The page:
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gooblax

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Thoughts are telling me to cancel my next session again, because I know it will upset me to even think about doing that.
The therapy homework seems pointless too - choose a style of clothing I want to wear to an upcoming event. I'll never think I look any good, even if I could get away with wearing what I wanted. So there's no use.
 

David Baxter

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Thoughts are telling me to cancel my next session again, because I know it will upset me to even think about doing that.

I'm not sure I understand this part. You want to cancel because you know that even thinking about canceling would upset you? Why would you want to intentionally upset yourself?

The therapy homework seems pointless too - choose a style of clothing I want to wear to an upcoming event. I'll never think I look any good, even if I could get away with wearing what I wanted. So there's no use.
Try this:

Instead of telling yourself you will never look any good, tell yourself that whether you think you look good or not, what outfit would make you feel better — more comfortable, more relaxed, more anything. How you think you look to other people or even to yourself is irrelevant. Base it solely on what would be the most comfortable or acceptable to you and pick that one.

Voila. Homework done. :)
 

gooblax

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I'm not sure I understand this part. You want to cancel because you know that even thinking about canceling would upset you? Why would you want to intentionally upset yourself?
Because I don't really deserve to keep seeing my psych. And because getting upset about that means I deserve to be upset to pay for my weakness
Try this:

Instead of telling yourself you will never look any good, tell yourself that whether you think you look good or not, what outfit would make you feel better — more comfortable, more relaxed, more anything. How you think you look to other people or even to yourself is irrelevant. Base it solely on what would be the most comfortable or acceptable to you and pick that one.

Voila. Homework done. :)
I guess but I'm also worried about inadvertently attracting hostility from random people. I guess that would be a risk however I looked but certain things are more likely to inspire certain reactions. Although the biggest risk I guess would be on the way home afterwards if I'm alone trying to catch a bus, so maybe I should pre-convince myself that I'll be getting an Uber home even though I hate doing that at least it would be safer and I wouldn't have to be thinking about the bus schedule.
 

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Because I don't really deserve to keep seeing my psych. And because getting upset about that means I deserve to be upset to pay for my weakness

That's just that mean horrible OCD voice talking again. It has no credibility in objective reality.

I guess but I'm also worried about inadvertently attracting hostility from random people. I guess that would be a risk however I looked but certain things are more likely to inspire certain reactions. Although the biggest risk I guess would be on the way home afterwards if I'm alone trying to catch a bus, so maybe I should pre-convince myself that I'll be getting an Uber home even though I hate doing that at least it would be safer and I wouldn't have to be thinking about the bus schedule.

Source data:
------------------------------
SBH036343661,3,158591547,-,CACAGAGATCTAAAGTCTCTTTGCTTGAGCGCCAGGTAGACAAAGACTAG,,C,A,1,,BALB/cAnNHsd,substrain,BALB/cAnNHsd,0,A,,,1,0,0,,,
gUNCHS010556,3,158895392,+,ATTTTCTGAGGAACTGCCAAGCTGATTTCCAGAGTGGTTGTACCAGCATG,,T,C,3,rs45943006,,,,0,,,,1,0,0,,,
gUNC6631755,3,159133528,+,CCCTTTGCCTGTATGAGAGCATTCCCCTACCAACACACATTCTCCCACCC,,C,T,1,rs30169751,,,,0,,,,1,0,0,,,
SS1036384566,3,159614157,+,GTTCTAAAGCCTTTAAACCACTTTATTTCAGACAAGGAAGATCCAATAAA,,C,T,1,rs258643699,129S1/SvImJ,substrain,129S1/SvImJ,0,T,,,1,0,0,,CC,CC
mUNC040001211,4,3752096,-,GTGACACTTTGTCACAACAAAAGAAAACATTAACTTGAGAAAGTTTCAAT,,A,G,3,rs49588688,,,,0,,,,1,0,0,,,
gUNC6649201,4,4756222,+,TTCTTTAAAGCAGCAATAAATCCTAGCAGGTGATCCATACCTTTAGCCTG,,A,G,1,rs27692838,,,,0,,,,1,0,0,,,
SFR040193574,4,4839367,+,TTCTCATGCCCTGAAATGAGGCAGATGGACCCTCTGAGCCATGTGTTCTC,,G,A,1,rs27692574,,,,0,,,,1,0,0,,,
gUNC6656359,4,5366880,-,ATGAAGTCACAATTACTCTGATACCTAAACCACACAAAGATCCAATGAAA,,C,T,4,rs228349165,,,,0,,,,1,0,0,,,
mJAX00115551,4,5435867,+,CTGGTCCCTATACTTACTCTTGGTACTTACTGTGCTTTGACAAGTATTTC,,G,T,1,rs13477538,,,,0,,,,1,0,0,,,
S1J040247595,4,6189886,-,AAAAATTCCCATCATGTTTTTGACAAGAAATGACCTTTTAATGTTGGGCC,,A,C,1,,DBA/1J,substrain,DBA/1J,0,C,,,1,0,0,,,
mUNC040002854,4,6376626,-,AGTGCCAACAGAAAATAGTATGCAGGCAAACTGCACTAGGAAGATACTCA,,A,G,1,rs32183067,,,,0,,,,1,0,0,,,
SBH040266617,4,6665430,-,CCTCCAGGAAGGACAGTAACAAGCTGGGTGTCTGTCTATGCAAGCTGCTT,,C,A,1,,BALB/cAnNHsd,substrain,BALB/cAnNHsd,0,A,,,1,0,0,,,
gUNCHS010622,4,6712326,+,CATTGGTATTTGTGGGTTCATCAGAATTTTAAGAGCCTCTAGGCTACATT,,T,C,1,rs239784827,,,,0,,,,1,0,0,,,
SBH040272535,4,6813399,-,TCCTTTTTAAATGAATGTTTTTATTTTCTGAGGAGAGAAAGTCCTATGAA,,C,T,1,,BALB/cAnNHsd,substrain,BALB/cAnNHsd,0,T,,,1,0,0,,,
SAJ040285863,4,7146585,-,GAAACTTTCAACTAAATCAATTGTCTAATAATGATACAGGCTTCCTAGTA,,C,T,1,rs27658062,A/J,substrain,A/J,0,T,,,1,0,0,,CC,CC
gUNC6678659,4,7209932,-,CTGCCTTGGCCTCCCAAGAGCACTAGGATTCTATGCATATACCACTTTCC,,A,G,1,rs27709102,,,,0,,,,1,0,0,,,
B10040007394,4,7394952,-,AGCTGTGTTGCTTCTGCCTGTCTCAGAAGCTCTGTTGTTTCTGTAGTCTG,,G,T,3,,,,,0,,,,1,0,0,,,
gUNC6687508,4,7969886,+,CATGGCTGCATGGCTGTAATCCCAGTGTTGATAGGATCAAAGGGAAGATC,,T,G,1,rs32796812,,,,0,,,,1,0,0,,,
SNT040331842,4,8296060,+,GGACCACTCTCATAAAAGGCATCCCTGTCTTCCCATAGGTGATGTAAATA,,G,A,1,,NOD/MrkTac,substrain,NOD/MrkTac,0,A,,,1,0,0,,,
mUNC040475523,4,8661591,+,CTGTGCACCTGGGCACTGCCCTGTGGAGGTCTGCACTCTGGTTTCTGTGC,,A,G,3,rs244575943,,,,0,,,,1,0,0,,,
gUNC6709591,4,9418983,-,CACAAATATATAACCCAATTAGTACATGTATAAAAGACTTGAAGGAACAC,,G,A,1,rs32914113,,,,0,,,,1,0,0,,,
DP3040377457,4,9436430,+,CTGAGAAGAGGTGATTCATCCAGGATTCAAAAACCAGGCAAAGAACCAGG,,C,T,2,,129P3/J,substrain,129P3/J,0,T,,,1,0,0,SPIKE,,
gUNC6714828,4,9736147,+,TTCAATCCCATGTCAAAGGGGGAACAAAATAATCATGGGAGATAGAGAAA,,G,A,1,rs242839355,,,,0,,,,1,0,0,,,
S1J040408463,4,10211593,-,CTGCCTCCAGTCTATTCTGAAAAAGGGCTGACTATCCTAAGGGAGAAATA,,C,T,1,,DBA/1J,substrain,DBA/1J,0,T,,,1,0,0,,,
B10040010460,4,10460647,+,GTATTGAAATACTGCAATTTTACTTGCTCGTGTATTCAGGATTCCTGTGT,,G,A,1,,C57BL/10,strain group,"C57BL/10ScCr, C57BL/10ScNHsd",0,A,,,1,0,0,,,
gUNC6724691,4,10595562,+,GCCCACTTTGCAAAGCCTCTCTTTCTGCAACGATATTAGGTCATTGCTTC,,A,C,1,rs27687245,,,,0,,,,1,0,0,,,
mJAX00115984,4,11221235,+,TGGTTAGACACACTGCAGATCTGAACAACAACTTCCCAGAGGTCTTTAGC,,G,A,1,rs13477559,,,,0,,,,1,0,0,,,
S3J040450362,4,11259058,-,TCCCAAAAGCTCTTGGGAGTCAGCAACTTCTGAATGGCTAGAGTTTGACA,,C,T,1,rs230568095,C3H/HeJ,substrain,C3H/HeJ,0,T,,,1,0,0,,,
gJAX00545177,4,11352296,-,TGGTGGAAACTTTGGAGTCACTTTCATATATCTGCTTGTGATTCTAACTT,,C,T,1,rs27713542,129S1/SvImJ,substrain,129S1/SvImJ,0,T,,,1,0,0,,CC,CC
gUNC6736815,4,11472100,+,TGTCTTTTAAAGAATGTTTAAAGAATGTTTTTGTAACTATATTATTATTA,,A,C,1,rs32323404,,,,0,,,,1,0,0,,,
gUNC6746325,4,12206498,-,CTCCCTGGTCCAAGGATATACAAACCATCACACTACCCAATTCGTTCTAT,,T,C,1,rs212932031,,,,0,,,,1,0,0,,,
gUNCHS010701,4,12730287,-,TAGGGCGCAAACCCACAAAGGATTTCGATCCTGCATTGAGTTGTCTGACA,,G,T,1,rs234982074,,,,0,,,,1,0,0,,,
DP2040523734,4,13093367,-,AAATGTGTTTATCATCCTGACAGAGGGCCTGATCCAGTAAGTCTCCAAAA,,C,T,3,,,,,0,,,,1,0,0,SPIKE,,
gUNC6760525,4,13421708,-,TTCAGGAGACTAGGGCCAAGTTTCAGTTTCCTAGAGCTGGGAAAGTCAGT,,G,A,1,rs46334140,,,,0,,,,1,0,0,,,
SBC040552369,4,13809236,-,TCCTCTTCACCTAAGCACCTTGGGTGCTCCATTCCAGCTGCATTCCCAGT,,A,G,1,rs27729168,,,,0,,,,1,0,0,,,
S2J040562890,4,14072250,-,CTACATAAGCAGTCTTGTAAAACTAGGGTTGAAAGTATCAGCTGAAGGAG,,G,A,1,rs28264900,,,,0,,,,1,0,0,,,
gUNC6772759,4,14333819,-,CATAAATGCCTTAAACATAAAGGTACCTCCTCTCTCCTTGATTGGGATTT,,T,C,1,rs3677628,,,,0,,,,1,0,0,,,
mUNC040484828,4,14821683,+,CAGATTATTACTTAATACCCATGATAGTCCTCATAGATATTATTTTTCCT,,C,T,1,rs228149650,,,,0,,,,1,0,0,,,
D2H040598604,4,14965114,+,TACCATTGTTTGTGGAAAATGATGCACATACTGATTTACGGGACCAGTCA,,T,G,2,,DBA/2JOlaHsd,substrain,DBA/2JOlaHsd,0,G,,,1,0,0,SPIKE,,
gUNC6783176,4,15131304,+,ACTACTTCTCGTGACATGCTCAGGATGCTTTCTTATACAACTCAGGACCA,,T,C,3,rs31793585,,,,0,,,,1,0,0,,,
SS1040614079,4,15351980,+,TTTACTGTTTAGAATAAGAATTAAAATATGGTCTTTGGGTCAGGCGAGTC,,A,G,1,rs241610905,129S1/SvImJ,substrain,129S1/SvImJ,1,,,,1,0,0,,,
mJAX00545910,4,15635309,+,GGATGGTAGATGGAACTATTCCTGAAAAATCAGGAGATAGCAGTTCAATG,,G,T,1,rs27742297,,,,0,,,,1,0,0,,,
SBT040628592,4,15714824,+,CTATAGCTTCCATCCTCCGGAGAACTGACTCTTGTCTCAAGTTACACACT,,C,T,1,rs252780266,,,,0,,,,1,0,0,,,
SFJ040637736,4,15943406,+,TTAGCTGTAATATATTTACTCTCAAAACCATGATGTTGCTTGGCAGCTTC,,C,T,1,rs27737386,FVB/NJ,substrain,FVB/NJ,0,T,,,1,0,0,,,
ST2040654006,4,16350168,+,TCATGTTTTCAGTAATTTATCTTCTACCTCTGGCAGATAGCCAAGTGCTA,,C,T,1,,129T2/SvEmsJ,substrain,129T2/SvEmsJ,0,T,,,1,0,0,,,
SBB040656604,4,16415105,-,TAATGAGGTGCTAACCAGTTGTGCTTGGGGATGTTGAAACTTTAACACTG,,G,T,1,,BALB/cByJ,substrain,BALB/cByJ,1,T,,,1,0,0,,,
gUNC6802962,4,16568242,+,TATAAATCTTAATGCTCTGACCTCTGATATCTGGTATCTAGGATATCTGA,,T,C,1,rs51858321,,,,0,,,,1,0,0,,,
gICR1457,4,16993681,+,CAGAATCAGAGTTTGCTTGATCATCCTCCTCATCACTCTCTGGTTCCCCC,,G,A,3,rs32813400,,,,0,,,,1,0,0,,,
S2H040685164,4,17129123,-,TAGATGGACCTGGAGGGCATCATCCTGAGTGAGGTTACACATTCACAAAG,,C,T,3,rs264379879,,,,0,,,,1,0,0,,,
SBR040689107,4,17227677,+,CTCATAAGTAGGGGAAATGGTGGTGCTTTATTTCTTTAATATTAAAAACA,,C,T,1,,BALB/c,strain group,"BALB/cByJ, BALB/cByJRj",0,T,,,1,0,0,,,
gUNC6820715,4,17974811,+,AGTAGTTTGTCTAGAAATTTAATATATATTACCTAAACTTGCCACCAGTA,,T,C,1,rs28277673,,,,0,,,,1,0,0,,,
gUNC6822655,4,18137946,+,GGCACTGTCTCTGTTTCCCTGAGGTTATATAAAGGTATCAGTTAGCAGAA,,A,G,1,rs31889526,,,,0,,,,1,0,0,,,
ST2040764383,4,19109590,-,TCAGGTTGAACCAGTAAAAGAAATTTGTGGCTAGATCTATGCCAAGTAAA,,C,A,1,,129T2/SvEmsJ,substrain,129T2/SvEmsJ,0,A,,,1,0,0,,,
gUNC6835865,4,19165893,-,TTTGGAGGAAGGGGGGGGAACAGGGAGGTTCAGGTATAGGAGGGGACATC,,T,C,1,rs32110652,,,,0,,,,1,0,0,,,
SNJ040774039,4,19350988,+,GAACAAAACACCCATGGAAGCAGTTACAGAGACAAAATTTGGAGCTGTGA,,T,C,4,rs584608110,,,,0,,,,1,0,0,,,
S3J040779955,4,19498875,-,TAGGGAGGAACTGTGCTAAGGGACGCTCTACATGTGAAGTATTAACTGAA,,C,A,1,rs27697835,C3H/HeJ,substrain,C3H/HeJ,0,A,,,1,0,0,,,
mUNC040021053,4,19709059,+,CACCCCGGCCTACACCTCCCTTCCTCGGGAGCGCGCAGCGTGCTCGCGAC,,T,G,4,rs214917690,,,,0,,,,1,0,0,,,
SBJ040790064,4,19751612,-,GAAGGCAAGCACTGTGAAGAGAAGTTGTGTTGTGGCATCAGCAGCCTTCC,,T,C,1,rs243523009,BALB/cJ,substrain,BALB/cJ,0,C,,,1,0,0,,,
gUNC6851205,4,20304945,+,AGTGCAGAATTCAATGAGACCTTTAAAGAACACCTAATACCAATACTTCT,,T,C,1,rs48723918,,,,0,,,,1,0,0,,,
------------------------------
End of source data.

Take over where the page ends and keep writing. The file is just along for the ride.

That's good thinking. Plan ahead for contingencies.
 

Daniel

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Have you read blogs or biographies of other people with OCD?




Some historical examples:

The history of OCD | OCD-UK

Saint Ignatius of Loyola (1491–1556) the Spanish Basque priest, theologian and founder of the religious order called the Society of Jesus (Jesuits) wrote “After I have trodden a cross formed by two straws, or after I have thought, said, or done some other thing, there comes to me from ‘without’ a thought that I have sinned, and on the other hand it seems to me that I have not sinned; nevertheless I feel some uneasiness on the subject, inasmuch as I doubt and do not doubt. That is a real scruple and temptation which the enemy sets."
...As mentioned earlier much of the historical record of OCD descriptions are in the religious, rather than the medical literature. At the time religion was very much a prominent feature of everyday life and with OCD often fixating on things that are important to a person, it’s not surprising that many early accounts are religious based. Historically, it was not unusual for someone with ailments to turn to their local religious figures, who would become very familiar with some health issues, including issues of the mind, like scrupulosity, because of their day-to-day dealings with their parishioners rather than physicians.
 
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Daniel

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Then, what about other people with anxiety? Do you relate to them? Does reading about their experiences help?

But as researchers learn more and more about mental disorders, the more they see transdiagnostic processes/issues, e.g. rumination, cognitive inflexibility/rigidity, behavioral inhibition, low self-esteem/acceptance, low frustration tolerance and difficulty regulating emotions. As with OCD, most people with GAD (generalized anxiety disorder) desire more certainty than is helpful, etc. And your "inner bully" seems painfully familiar to me, as is your way of using rumination as a way to cope.

And, of course, a lot of therapists and even psychiatrists still see OCD as more about physical compulsions -- even though "pure O" is a common experience among those with OCD:

When Obsessive-Compulsive Thoughts Are 'Triggered'

One of the most ... misunderstood aspects of OCD," Wortmann tells NPR's Neal Conan, "is that many people believe that it has to involve visible physical compulsion, such as hand-washing or counting or organizing things."
That's one reason most people with OCD are diagnosed much later than sooner. And though some people do not necessarily benefit from a specific diagnosis, almost everything in mental health relates to a spectrum, e.g:

 
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gooblax

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Then, what about other people with anxiety? Do you relate to them? Does reading about their experiences help?
I don't really feel like I relate to much of it. Like the whole "worry thoughts" thing just doesn't click with me. And my anxiety often comes outwardly more like irritability/anger than concern/fear so even that's wrong (although I definitely do the avoidance thing).
What do you base that conclusion on, @gooblax?